Jane McGonigal (@avantgame) is a designer of alternate reality games, and was the first keynote speaker at ISTE13 with “Learning is an Epic Win”. Jane alerted us to the fact that there are now 1 billion active gamers around the world, and provoked us into thinking about how games could be used to solve real world problems and engage students in meaningful learning. I particularly loved her point about the nature of games and failing, in that a lot of gamers spend their time failing to reach the next level or required target. Yet these gamers persist and continue to try and try again. Why would gamers spend time, energy and money to play games to only fail time and time again? It made me think about the motivations behind the dynamics of games, and how these can be utilised for educational experiences. Jane offered a list of 10 positive emotions that games evoke, which really summarise the engagement and potential that games offer. If we could find even just a small way to use games to leverage educational content to evoke even some of these emotions with our students, I think we could make a big difference.
Jane McGonigal communicating the wide impact of games globally.
10 positive emotions from gaming.
I must admit, going into this conference I looked upon GBL with a lot of scepticism. Jane’s thought provoking keynote offered a lot of genuine insight into why gamification does matter, what it is, and what it is not. At the moment I am reading Jane’s book, Reality Is Broken: How Games Make Us Better and How They Can Change the World and it is changing the way that I think about GBL. A small snippet and some reflections from Jane’s ISTE13 keynote can be found below:
Google Apps as a platform for e-portfolios
Of the many sessions that I attended, a favourite of mine would be Helen Barrett’s (@eportfolios) workshop Create Interactive E-Portfolios Using GoogleApps: Docs/Drive, Picasaweb, Blogger, Sites . This year we introduced a 1:1 laptop program in our senior years, with the aim of using Google Apps to allow students and teachers to connect, publish and collaborate. Helen’s session was very valuable for me at this point in time in order for us to take the next step with Google Apps with our students, as they are well on their way to familiarising themselves with Drive and using Documents. For the last few years we have already been placing the emphasis and importance for students to self-reflect, collect and manage evidence and reflections of their own learning with what we call “Personal Learning Folders”. I look forward this term to digitising these in a more efficient and effective way with our students in the form of an e-portfolio that can be viewed and celebrated by all students, teachers and even parents. Helen’s site is a terrific resource of her expertise with eportfolios.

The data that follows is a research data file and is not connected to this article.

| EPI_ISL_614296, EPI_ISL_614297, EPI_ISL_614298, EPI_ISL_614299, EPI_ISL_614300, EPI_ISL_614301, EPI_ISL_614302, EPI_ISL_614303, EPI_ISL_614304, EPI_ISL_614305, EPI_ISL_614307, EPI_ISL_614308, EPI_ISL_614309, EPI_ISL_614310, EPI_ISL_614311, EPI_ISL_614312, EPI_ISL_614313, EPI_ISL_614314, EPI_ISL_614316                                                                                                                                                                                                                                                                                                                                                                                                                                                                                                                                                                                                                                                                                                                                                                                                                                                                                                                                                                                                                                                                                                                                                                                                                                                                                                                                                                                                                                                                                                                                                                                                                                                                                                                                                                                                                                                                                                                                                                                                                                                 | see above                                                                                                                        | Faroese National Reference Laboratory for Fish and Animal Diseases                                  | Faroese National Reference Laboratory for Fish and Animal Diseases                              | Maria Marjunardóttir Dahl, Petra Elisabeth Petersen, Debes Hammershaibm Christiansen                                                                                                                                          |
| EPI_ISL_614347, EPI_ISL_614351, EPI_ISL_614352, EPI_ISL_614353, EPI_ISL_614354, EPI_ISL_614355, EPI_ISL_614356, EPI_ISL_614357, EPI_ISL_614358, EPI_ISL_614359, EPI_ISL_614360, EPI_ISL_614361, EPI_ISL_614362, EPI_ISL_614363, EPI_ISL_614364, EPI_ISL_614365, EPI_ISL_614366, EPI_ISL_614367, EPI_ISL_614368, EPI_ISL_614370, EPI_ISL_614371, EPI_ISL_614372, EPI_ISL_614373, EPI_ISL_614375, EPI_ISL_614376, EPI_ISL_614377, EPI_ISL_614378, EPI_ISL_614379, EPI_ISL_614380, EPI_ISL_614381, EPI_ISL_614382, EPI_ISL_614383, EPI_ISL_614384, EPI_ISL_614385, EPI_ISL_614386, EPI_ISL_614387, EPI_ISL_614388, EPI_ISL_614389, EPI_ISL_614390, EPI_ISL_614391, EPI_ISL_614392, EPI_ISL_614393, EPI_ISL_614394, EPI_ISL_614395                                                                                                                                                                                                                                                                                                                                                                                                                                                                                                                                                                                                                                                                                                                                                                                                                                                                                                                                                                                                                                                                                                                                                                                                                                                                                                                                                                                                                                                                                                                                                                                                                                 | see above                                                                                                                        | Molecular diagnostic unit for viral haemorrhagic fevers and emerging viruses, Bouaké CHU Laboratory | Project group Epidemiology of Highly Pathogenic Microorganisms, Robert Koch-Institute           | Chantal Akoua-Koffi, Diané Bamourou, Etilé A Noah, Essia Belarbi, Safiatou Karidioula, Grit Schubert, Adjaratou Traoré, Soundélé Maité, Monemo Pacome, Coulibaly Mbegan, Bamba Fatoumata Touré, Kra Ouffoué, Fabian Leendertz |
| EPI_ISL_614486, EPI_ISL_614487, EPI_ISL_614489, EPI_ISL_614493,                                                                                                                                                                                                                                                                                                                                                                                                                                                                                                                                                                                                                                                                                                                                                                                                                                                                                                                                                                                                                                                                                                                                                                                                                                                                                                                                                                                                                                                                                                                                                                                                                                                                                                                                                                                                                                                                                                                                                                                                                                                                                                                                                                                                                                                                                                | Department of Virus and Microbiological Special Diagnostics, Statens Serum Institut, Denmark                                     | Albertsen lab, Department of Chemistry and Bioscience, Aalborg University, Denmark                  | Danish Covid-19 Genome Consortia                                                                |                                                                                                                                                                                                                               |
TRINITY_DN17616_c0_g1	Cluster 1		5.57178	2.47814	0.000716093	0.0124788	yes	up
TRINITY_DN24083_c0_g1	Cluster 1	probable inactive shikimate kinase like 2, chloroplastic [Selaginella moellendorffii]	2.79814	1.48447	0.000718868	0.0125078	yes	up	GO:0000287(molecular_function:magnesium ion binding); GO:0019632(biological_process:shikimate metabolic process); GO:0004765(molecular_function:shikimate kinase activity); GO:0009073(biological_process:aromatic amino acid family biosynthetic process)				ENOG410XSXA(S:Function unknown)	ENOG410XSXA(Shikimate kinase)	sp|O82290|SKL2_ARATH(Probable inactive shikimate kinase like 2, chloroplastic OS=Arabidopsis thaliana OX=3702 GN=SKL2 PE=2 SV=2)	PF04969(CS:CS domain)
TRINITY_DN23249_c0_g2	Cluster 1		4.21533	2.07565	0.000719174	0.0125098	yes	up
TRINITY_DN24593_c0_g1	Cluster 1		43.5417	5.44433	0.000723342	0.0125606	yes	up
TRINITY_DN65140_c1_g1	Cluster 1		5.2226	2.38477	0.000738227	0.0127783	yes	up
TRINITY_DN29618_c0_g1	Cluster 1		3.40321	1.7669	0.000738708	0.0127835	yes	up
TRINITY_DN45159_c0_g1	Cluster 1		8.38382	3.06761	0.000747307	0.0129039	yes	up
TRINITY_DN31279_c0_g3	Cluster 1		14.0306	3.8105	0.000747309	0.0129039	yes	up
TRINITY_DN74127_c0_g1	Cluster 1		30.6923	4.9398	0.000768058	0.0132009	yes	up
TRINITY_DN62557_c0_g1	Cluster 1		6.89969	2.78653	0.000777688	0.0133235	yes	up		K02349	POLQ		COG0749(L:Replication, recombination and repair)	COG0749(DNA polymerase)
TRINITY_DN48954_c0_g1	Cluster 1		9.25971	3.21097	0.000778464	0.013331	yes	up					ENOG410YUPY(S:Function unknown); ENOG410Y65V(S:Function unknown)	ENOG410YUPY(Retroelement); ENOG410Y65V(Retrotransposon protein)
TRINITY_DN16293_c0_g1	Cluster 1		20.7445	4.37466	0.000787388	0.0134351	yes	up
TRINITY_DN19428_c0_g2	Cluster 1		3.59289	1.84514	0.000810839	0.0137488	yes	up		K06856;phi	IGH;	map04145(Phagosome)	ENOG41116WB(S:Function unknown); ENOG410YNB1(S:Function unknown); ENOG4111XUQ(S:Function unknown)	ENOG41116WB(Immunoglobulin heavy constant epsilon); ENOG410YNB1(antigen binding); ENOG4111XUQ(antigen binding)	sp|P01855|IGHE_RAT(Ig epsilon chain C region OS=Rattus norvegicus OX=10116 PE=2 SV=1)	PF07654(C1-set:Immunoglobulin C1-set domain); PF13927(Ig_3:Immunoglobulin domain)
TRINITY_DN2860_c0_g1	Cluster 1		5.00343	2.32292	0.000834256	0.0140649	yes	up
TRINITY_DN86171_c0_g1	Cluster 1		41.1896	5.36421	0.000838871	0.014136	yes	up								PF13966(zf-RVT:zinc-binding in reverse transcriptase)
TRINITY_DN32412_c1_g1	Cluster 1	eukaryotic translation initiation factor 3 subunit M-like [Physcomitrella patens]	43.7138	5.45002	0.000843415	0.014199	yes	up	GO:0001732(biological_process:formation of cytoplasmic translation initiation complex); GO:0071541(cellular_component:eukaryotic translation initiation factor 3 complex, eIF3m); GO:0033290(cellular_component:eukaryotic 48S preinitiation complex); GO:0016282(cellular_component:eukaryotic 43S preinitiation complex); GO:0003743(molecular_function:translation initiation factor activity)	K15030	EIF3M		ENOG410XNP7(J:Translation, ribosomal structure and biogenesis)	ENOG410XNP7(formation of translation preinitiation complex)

The ISTE13 Iron Chef Challenge
One of the spotlighted sessions at ISTE13 was the Iron Chef challenge. A fellow compatriot on the tour (@rissL) and I decided to have a go at this, and we were very glad that we did.
The Iron Chef Challenge was organised by the Young Educator Network. The idea of the Iron Chef challenge was to collaborate together with a group of people to solve a problem. You can read about the intent of this idea and the process behind the scenes at Krister Moroder’s (@edtechcoaching) blog post.